Nathan (vovat) wrote,
Nathan
vovat

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The Most Religulous Item of the Day

Last night, bethje, Dorothea, and I went to see Bill Maher's movie, Religulous, which was quite enjoyable. Some people have said that Maher is basically preaching to the choir, which might well be true, but it seems like he's also trying to get the people who agree with him to come out of the woodwork. As far as Maher's own opinions on the subject go, he sometimes gives the impression that he wants to have it both ways. He'll talk about how his primary view on the supernatural is that we just don't know, but he'll also sometimes say stuff like, "Oh, still talking to your imaginary friend in the sky, huh?" I get the feeling that his views are kind of similar to mine--not feeling that I have the authority to say that I know what's going on behind the scenes any more than anyone else does, but thinking that most perceptions of God don't really hold water--but he'll often go more in one direction than the other when he thinks it works. But then, he IS a comedian, and the movie WAS funny. I found his talks with the televangelist and the Latin guy who claims to be the Second Coming because he's a blood descendant of Jesus to be particularly amusing.

A lot of Maher's arguments were ones I've come across many times before, like the one about how most of the elements in the Jesus story had already existed in other religions. I know that, at one point in history, the common argument against this was that Satan must have looked into the future and come up with parodies of the truth, so as to drive people astray. The more amenable C.S. Lewis preferred the idea that these older myths were meant to prepare people for the true gospel. But then, we ARE talking about a guy who had Bacchus working alongside his Christ figure, in a scene that I'm quite disappointed didn't make the film version of Prince Caspian. Another argument that Maher didn't come up with but that I thought was good was the one that, if God is all-powerful, why He sees the need to communicate through prophets, instead of just talking to everyone all at once.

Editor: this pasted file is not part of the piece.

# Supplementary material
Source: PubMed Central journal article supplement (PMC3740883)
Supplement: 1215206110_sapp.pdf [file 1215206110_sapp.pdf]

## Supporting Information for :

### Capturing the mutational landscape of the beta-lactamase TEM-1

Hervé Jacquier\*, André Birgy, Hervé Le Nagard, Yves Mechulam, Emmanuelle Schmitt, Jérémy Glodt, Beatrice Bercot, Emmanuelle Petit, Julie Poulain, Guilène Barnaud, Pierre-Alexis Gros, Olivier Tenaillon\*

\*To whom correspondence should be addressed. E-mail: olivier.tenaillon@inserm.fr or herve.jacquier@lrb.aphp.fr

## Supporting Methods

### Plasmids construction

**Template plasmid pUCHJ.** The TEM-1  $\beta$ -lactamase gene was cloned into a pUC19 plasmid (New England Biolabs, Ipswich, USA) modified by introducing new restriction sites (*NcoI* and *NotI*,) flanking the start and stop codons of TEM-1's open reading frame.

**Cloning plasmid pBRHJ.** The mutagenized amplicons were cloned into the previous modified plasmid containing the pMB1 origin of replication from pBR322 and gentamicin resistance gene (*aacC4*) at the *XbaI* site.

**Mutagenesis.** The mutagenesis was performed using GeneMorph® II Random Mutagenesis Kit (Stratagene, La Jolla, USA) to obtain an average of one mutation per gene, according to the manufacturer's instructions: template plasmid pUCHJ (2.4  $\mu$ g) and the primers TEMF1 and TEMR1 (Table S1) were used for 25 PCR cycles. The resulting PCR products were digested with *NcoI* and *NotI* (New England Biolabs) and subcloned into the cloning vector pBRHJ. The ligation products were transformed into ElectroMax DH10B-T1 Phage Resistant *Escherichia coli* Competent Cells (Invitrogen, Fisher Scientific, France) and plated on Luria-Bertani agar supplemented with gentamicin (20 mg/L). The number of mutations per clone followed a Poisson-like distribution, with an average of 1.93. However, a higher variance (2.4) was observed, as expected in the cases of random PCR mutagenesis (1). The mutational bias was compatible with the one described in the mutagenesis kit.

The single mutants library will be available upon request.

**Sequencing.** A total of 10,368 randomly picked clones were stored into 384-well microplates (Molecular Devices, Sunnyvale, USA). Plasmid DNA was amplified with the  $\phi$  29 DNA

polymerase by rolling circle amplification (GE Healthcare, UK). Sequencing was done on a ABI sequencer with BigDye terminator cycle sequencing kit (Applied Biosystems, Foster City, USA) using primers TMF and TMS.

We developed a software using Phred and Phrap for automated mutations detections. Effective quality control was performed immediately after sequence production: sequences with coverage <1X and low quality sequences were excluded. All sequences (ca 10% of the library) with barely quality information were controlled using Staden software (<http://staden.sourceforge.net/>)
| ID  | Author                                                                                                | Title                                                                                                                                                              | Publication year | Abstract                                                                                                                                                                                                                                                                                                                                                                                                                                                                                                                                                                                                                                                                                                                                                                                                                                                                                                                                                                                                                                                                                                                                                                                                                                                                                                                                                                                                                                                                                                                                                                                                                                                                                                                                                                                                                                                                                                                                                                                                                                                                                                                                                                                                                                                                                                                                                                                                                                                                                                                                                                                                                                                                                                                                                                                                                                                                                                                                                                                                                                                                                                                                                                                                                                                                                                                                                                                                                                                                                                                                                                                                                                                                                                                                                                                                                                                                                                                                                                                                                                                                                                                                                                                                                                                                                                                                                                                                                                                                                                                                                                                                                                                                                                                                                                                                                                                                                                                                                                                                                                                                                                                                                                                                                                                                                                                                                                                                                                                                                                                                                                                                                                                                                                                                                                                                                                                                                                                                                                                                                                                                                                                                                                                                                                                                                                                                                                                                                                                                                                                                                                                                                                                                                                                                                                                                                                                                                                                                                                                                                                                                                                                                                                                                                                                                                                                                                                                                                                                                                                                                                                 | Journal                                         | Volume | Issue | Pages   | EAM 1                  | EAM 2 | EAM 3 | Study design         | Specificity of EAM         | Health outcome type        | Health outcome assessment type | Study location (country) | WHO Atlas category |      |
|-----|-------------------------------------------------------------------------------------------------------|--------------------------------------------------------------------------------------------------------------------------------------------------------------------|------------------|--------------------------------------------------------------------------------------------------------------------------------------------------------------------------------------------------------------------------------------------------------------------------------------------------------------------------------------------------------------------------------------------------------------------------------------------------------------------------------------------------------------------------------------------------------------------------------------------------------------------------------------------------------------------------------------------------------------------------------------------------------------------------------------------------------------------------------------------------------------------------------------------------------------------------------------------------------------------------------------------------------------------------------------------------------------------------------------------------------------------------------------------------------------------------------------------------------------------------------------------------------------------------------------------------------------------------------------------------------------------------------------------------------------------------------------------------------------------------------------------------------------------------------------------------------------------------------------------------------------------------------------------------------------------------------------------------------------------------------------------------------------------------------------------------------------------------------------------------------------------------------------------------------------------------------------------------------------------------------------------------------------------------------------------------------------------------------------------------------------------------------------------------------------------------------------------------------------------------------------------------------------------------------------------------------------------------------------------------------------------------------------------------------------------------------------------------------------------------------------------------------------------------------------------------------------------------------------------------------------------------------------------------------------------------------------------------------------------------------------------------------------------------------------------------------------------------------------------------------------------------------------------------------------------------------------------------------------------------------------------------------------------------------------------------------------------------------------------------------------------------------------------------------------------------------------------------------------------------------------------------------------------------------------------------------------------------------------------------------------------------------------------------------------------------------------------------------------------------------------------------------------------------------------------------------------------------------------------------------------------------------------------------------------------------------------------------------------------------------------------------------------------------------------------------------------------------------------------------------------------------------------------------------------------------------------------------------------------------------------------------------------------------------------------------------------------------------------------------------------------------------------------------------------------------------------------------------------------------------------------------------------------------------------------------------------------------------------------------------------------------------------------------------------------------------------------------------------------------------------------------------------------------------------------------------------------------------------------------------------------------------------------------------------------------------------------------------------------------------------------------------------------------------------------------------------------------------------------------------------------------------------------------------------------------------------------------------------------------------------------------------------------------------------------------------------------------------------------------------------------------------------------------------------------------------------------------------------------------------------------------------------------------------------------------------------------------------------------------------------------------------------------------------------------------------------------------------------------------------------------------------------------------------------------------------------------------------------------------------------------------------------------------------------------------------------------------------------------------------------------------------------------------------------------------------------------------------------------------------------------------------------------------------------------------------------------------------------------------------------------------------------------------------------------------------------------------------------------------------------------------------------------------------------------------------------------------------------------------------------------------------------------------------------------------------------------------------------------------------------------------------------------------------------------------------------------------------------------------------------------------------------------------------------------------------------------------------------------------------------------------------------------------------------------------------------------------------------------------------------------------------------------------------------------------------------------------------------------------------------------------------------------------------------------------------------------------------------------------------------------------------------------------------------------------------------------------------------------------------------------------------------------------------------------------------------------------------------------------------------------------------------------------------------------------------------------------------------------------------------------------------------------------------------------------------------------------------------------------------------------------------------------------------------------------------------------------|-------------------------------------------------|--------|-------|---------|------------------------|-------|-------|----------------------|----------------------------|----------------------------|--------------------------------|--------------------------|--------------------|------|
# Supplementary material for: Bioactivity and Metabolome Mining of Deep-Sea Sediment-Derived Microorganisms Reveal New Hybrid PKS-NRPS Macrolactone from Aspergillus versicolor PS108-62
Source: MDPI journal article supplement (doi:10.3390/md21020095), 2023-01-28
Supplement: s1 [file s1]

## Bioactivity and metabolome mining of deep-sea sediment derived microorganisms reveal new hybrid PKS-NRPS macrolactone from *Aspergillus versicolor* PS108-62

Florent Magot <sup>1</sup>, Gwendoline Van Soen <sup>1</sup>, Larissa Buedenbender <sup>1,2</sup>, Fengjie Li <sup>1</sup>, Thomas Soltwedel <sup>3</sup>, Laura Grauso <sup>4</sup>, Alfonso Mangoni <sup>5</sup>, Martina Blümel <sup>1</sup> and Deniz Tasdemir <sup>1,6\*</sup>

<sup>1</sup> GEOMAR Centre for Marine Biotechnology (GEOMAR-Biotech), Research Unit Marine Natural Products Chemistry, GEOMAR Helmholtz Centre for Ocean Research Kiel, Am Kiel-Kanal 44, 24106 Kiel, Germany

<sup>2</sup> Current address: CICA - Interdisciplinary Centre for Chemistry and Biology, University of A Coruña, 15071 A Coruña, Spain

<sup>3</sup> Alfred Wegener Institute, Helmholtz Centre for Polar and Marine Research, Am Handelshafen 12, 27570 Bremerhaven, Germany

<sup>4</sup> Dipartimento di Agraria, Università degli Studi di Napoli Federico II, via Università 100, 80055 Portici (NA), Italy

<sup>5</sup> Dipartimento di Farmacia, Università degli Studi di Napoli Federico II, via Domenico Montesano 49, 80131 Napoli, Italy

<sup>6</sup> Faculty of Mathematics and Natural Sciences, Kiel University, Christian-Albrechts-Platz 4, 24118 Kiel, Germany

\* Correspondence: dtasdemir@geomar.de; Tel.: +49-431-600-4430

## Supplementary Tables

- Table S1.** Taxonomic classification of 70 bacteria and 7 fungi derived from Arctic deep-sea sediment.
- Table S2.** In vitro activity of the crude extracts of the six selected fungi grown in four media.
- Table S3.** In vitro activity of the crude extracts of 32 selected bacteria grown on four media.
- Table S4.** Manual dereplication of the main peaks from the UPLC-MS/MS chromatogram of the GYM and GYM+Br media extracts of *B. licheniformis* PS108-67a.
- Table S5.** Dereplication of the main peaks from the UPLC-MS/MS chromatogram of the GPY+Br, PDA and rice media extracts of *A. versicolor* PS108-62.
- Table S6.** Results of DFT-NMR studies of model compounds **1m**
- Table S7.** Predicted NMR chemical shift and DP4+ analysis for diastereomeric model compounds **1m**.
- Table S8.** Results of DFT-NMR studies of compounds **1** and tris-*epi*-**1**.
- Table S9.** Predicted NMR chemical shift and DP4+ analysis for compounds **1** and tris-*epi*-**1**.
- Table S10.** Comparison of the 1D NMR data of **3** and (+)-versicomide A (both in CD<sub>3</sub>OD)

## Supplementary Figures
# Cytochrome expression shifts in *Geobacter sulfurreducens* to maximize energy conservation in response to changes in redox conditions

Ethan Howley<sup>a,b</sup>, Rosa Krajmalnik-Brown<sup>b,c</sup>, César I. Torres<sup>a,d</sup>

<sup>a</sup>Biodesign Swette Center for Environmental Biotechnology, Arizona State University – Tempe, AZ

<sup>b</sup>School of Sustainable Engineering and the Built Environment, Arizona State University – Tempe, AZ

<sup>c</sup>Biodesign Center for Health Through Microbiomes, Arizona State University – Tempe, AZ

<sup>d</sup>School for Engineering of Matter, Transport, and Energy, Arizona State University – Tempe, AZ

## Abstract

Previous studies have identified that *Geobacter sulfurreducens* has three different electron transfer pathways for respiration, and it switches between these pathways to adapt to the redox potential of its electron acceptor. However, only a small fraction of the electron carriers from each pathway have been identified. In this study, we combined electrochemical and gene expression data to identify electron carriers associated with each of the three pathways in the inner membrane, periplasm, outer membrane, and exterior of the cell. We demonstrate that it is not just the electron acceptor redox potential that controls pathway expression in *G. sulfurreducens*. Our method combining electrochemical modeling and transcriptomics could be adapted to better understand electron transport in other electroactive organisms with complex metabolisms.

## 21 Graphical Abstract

As might be expected, several of the people interviewed resorted to the Apple Jacks defense ("We just DO, okay?"), while others just walked out (or, in the case of the Mormons, had Maher thrown off their property). In fairness, we don't know how much material from these scenes was left on the cutting room floor, but I do have to wonder how strong people who aren't even willing to hear any arguments against their religions really are in their beliefs. When some religious group urges people to boycott (or, in extreme cases, declare a fatwah against) anything that mocks or debates their faith, can they really be that certain in their own faith, or do they have an ulterior motive? I mean, I doubt anyone with a really strong belief in Christianity would say, "What? Some comedian said Jesus might not have existed? I guess I have to throw away my entire belief system, then!" On the other hand, people who have just always believed because that's what they were brought up to do might, and I'm sure the religious authorities don't want to lose those people.
Tags: movies, narnia, religion
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